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Friday round-up

With oral arguments over for the calendar year, the media turns its attention to the high-profile cases on immigration, health care reform, and redistricting that lie ahead this Term.

On NPR’s Talk of the Nation, Neal Conan discusses the Term’s most prominent cases with David Savage of the Los Angeles Times. In the interview, Savage suggests a “common theme” to the three sets of cases:  “these are all red-state cases, states’ rights cases, with the Obama Administration on the other side,” and therefore “have this real sort of partisan tone to them.”

In an op-ed for Fox News, immigration lawyer David Leopold weighs both the policy and legal consequences that could flow from the Court’s decision in Arizona v. United States and concludes that if the Court strikes down S.B. 1070, “it will reaffirm the well established principle that immigration policy is exclusively a federal matter; inextricably tied to the idea of the United States as a sovereign nation.” Kate Brumback of the Associated Press (via the Alliance (Ohio) Review) reports on reactions to the cert. grant by states that are defending similar immigration laws in the lower courts.  Bloomberg Businessweek also has coverage, as do the Atlanta Journal-Constitution and CNN. And at the Huffington Post, Kristian Ramos discusses the state laws in light of the cert. grant and concludes that, “at the very least from a practical level, states are ill equipped to deal with enforcing federal immigration laws.”

Alex Isenstadt of Politico provides a guide to the Texas redistricting case. Isenstadt explains how the issue reached the Court, the state’s unique predicament, and what is truly at stake for Texas politicians in this case. In addition, the editorial board of the Fort Worth Star-Telegram predicts that the Court’s decision to take up the case has made it “all but certain” that the state’s March primaries will not be held as planned.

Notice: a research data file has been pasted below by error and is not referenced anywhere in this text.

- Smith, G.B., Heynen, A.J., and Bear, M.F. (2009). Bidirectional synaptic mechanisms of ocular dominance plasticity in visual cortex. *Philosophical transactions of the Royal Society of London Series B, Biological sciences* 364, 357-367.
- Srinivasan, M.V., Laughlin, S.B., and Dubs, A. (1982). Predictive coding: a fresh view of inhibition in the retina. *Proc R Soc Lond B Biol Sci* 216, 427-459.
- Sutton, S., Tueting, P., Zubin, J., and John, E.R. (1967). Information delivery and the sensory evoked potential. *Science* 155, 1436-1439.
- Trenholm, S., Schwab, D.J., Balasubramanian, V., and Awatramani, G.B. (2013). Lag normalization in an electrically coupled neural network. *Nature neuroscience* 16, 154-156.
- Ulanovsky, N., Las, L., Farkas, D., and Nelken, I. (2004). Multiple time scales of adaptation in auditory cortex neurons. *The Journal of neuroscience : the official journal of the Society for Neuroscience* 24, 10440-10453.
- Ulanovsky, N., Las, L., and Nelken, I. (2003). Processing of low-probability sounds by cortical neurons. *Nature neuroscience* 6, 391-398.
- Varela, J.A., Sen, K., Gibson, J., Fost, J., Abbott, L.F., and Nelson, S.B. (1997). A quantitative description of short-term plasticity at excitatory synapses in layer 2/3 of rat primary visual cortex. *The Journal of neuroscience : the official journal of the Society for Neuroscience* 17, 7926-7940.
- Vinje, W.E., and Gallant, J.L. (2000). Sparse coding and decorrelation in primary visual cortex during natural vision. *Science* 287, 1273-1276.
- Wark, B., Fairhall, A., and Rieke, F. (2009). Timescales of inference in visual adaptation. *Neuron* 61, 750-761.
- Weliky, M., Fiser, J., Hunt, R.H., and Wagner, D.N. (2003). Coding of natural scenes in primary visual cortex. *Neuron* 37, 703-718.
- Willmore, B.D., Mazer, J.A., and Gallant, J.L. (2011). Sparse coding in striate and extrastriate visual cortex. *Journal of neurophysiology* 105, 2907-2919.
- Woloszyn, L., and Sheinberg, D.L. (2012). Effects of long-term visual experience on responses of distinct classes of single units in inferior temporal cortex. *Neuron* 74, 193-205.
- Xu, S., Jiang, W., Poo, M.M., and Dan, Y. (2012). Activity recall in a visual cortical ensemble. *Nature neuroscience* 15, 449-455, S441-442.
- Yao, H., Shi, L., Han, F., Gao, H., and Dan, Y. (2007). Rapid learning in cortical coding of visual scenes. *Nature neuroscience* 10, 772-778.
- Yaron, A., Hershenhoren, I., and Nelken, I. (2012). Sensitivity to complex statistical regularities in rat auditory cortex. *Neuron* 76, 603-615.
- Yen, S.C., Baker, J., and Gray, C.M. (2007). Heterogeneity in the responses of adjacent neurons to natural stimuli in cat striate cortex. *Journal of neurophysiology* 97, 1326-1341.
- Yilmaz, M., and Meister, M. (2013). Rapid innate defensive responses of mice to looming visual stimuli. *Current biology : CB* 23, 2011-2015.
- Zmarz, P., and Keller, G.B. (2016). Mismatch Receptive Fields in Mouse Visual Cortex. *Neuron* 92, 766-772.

Finally, Mike Sacks of the Huffington Post examines the questions of “corporate personhood” raised by Kiobel v. Royal Dutch Petroleum, in which the Court will consider whether corporations are immune from tort liability for violations of the law of nations under the Alien Tort Statute. In light of the fallout from Citizens United, Sacks concludes that, “[s]hould the Court break down on ideological lines with a narrow right-wing majority limiting ATS defendants to natural persons, no casual observer will be able to avoid the conclusion, rightly or wrongly, that the Court’s conservatives are eager to grant corporations powerful political rights while exempting them from the consequences of their most egregious behavior.”


  • At the Wall Street Journal Law Blog, Sam Favate reports on Justice Clarence Thomas’s visit this week to Yale Law School, his alma mater.
  • This blog’s Amy Howe provides the Plain English versions of the Court’s decisions this week in Judulang v. Holder and Hardy v. Cross. Rory Little, writing for the ABA’s Criminal Justice Section, also has coverage.
  • Also at this blog, Edward Hartnett recaps last week’s oral arguments in Martel v. Clair, in which the Court is considering whether a state death row inmate is entitled to receive a new court-appointed lawyer when he has alleged that his first court-appointed counsel is not pursuing important evidence.
  • At Cato @ Liberty, Ilya Shapiro discusses a cert. amicus brief filed by the Cato Institute in Arkansas Game & Fish Commission v. United States.
  • The Associated Press (via the Washington Post) reports that musician Phil Spector has asked the Court to review his murder conviction.

Recommended Citation: Marissa Miller, Friday round-up, SCOTUSblog (Dec. 16, 2011, 9:35 AM),